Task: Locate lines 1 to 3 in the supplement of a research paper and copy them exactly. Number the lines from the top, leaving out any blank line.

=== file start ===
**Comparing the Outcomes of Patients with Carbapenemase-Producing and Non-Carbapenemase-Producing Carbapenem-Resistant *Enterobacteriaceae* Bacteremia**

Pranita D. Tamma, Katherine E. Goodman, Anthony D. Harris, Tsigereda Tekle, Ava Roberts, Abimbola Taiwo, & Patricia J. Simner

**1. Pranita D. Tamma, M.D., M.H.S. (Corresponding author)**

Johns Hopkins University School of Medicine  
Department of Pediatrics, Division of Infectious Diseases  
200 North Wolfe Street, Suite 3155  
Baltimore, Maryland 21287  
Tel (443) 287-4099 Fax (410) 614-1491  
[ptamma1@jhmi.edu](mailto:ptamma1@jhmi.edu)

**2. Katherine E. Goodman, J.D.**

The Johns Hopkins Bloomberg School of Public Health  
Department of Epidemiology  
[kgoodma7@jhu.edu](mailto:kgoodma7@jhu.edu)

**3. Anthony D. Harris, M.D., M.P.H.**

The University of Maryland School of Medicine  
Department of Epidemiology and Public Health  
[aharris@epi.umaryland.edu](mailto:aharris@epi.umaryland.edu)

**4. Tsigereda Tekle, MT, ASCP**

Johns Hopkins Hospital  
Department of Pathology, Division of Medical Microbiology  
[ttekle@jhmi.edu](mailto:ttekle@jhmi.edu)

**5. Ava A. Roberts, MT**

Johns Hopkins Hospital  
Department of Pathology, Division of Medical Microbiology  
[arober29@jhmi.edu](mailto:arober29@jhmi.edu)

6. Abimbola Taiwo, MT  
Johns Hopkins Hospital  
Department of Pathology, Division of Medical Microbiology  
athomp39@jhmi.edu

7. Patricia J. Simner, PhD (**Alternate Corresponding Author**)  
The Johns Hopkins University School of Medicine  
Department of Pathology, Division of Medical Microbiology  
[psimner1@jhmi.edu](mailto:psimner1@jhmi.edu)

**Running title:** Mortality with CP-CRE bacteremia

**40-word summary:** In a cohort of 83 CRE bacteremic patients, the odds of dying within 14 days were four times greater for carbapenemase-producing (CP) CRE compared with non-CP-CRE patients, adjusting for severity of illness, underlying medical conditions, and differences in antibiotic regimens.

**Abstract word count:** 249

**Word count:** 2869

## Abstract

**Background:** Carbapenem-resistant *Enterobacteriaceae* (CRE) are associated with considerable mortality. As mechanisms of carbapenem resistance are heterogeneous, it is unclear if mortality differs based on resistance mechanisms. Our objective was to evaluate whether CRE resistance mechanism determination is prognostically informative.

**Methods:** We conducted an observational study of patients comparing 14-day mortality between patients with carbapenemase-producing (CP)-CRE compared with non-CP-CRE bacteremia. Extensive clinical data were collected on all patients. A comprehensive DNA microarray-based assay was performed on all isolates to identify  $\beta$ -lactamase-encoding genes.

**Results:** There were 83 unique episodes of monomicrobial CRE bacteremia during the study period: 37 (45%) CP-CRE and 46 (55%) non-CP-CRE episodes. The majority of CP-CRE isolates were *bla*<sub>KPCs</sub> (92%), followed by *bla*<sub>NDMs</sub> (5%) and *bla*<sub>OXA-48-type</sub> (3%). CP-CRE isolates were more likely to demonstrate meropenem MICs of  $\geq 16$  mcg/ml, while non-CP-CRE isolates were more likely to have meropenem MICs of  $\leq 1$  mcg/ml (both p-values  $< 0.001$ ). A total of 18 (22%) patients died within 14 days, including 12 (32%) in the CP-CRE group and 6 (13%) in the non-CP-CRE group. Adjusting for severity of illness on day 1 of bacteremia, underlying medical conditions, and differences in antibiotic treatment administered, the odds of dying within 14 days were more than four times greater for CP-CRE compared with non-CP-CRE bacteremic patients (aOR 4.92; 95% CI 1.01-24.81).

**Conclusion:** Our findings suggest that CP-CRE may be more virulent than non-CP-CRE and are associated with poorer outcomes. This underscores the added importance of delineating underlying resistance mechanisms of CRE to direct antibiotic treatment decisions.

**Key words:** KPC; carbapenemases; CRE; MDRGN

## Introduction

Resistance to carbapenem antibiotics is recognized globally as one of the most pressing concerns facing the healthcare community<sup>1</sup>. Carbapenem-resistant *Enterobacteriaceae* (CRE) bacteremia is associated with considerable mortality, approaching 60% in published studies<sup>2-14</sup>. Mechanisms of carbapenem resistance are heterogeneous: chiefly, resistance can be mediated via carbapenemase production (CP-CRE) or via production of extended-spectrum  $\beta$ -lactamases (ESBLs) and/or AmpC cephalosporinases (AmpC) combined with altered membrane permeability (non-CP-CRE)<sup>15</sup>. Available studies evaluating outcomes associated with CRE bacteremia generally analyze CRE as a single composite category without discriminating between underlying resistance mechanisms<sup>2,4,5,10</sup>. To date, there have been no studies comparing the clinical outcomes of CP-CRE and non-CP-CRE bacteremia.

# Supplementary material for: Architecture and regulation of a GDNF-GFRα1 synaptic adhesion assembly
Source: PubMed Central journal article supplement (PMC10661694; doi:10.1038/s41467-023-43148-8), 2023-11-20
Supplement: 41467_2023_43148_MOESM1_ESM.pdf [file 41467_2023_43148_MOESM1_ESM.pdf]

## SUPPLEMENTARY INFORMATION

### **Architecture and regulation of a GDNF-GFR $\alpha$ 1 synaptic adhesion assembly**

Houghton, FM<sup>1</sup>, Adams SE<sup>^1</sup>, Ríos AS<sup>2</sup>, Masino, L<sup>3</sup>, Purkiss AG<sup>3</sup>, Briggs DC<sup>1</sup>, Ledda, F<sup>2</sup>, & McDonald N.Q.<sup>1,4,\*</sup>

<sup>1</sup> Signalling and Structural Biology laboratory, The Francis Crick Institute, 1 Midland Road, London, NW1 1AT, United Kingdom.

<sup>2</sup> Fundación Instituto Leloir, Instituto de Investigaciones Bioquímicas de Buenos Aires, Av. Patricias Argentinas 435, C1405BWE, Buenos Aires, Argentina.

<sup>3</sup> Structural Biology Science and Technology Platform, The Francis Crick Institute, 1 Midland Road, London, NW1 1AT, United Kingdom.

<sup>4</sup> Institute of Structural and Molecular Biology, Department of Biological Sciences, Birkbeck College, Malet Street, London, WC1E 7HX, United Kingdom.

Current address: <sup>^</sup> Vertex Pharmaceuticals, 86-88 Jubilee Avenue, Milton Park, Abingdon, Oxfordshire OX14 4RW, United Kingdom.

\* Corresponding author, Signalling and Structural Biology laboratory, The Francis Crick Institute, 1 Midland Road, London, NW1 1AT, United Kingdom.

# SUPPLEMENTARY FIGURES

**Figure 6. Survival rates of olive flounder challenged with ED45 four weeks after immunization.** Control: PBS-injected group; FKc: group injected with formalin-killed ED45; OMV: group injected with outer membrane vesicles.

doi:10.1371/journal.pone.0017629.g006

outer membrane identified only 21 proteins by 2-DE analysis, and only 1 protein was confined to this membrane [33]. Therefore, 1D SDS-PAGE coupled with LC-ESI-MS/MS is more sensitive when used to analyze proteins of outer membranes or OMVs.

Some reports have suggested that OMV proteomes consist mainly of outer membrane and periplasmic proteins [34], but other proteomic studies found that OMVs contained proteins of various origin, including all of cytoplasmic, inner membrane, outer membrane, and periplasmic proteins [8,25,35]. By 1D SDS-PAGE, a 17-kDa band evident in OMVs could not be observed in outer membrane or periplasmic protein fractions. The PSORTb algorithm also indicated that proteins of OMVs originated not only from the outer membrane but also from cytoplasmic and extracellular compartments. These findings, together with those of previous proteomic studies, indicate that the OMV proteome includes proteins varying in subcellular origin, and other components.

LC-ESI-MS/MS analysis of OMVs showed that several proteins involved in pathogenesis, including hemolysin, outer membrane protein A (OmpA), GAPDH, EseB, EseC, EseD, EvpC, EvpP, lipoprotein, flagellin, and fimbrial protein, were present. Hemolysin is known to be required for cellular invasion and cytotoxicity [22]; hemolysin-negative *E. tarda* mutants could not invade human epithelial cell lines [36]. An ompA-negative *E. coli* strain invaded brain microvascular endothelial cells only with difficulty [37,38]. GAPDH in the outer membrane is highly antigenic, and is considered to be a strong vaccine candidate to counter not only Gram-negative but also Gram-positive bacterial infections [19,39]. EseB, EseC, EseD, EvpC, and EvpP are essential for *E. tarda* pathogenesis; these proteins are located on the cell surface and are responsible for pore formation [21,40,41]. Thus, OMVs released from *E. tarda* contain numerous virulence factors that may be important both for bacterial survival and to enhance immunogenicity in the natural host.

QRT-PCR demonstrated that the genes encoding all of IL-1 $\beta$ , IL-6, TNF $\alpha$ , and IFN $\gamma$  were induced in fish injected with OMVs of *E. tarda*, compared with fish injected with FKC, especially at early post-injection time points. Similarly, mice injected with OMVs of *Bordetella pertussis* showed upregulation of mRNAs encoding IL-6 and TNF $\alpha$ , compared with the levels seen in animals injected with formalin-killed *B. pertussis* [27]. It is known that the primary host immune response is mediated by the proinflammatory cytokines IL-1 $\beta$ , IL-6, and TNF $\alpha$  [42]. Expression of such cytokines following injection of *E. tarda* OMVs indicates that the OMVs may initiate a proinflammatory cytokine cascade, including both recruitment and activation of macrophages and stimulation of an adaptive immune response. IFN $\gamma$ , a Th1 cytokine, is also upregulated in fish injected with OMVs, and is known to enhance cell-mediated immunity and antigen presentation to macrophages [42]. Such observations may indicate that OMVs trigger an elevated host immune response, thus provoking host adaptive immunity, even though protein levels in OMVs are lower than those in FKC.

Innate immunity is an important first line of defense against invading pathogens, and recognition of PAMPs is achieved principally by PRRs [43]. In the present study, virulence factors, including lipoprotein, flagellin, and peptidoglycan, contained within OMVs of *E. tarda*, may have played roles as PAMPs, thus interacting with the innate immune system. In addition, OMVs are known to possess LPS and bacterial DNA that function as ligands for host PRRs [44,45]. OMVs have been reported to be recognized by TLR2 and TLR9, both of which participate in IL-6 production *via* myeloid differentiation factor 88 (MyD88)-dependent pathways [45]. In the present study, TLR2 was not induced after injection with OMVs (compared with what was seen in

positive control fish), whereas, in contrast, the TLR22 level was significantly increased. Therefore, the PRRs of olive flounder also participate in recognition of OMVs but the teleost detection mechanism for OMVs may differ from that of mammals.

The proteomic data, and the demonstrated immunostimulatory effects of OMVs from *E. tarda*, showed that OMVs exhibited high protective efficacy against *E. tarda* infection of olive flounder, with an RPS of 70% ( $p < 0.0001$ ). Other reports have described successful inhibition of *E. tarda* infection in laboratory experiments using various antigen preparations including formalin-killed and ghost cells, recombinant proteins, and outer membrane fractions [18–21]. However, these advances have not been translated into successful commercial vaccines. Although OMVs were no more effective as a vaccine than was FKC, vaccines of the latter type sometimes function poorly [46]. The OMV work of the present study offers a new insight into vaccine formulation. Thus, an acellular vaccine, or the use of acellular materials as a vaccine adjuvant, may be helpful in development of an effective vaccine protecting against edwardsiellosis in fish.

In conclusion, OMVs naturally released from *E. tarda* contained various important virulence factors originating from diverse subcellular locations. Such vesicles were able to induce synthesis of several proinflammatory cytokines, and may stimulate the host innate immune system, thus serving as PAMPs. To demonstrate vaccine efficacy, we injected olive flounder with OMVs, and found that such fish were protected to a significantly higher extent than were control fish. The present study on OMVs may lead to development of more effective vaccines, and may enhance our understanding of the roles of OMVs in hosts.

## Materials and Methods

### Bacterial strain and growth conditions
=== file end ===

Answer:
**Comparing the Outcomes of Patients with Carbapenemase-Producing and Non-Carbapenemase-Producing Carbapenem-Resistant *Enterobacteriaceae* Bacteremia**

Pranita D. Tamma, Katherine E. Goodman, Anthony D. Harris, Tsigereda Tekle, Ava Roberts, Abimbola Taiwo, & Patricia J. Simner

**1. Pranita D. Tamma, M.D., M.H.S. (Corresponding author)**